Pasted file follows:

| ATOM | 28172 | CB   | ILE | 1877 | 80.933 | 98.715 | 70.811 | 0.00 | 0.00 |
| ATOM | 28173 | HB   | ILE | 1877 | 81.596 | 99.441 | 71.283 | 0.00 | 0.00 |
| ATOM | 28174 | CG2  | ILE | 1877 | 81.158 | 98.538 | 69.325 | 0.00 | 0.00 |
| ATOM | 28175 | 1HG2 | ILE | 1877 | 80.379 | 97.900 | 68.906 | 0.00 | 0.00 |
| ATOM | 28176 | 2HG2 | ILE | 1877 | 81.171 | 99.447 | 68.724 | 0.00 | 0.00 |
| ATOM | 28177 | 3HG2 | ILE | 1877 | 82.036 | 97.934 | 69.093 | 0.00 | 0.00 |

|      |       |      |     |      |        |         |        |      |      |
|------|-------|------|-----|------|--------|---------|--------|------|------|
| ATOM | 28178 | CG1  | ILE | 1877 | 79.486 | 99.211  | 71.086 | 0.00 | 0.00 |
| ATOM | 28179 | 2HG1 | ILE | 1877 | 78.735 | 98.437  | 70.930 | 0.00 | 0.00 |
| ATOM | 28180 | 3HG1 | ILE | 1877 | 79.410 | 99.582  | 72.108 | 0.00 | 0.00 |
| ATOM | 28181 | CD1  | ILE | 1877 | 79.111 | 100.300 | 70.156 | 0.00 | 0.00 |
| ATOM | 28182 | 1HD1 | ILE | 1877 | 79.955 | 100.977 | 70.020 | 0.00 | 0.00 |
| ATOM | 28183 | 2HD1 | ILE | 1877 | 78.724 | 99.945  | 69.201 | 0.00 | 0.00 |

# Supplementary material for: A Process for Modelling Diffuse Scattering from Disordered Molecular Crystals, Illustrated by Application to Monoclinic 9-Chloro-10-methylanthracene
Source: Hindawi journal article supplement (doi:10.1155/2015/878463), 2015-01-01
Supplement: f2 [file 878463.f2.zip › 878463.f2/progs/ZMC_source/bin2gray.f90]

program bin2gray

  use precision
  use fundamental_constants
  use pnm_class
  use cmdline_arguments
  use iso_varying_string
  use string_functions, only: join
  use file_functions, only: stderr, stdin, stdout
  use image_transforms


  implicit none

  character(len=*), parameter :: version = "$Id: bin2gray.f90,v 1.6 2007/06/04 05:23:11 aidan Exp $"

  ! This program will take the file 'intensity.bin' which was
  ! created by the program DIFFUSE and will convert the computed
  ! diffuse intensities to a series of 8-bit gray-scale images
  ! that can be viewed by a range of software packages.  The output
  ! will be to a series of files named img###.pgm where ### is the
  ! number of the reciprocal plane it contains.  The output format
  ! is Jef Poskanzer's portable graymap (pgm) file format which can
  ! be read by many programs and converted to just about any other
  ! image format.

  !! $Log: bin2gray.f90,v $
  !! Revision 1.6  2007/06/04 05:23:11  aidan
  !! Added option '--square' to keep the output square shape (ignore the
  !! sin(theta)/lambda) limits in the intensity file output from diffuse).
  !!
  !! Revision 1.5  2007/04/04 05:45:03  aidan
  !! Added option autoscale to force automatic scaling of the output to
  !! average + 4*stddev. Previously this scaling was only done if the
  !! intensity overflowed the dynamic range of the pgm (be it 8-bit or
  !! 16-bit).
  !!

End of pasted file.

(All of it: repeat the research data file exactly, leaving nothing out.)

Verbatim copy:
| ATOM | 28172 | CB   | ILE | 1877 | 80.933 | 98.715 | 70.811 | 0.00 | 0.00 |
| ATOM | 28173 | HB   | ILE | 1877 | 81.596 | 99.441 | 71.283 | 0.00 | 0.00 |
| ATOM | 28174 | CG2  | ILE | 1877 | 81.158 | 98.538 | 69.325 | 0.00 | 0.00 |
| ATOM | 28175 | 1HG2 | ILE | 1877 | 80.379 | 97.900 | 68.906 | 0.00 | 0.00 |
| ATOM | 28176 | 2HG2 | ILE | 1877 | 81.171 | 99.447 | 68.724 | 0.00 | 0.00 |
| ATOM | 28177 | 3HG2 | ILE | 1877 | 82.036 | 97.934 | 69.093 | 0.00 | 0.00 |

|      |       |      |     |      |        |         |        |      |      |
|------|-------|------|-----|------|--------|---------|--------|------|------|
| ATOM | 28178 | CG1  | ILE | 1877 | 79.486 | 99.211  | 71.086 | 0.00 | 0.00 |
| ATOM | 28179 | 2HG1 | ILE | 1877 | 78.735 | 98.437  | 70.930 | 0.00 | 0.00 |
| ATOM | 28180 | 3HG1 | ILE | 1877 | 79.410 | 99.582  | 72.108 | 0.00 | 0.00 |
| ATOM | 28181 | CD1  | ILE | 1877 | 79.111 | 100.300 | 70.156 | 0.00 | 0.00 |
| ATOM | 28182 | 1HD1 | ILE | 1877 | 79.955 | 100.977 | 70.020 | 0.00 | 0.00 |
| ATOM | 28183 | 2HD1 | ILE | 1877 | 78.724 | 99.945  | 69.201 | 0.00 | 0.00 |

# Supplementary material for: A Process for Modelling Diffuse Scattering from Disordered Molecular Crystals, Illustrated by Application to Monoclinic 9-Chloro-10-methylanthracene
Source: Hindawi journal article supplement (doi:10.1155/2015/878463), 2015-01-01
Supplement: f2 [file 878463.f2.zip › 878463.f2/progs/ZMC_source/bin2gray.f90]

program bin2gray

  use precision
  use fundamental_constants
  use pnm_class
  use cmdline_arguments
  use iso_varying_string
  use string_functions, only: join
  use file_functions, only: stderr, stdin, stdout
  use image_transforms


  implicit none

  character(len=*), parameter :: version = "$Id: bin2gray.f90,v 1.6 2007/06/04 05:23:11 aidan Exp $"

  ! This program will take the file 'intensity.bin' which was
  ! created by the program DIFFUSE and will convert the computed
  ! diffuse intensities to a series of 8-bit gray-scale images
  ! that can be viewed by a range of software packages.  The output
  ! will be to a series of files named img###.pgm where ### is the
  ! number of the reciprocal plane it contains.  The output format
  ! is Jef Poskanzer's portable graymap (pgm) file format which can
  ! be read by many programs and converted to just about any other
  ! image format.

  !! $Log: bin2gray.f90,v $
  !! Revision 1.6  2007/06/04 05:23:11  aidan
  !! Added option '--square' to keep the output square shape (ignore the
  !! sin(theta)/lambda) limits in the intensity file output from diffuse).
  !!
  !! Revision 1.5  2007/04/04 05:45:03  aidan
  !! Added option autoscale to force automatic scaling of the output to
  !! average + 4*stddev. Previously this scaling was only done if the
  !! intensity overflowed the dynamic range of the pgm (be it 8-bit or
  !! 16-bit).
  !!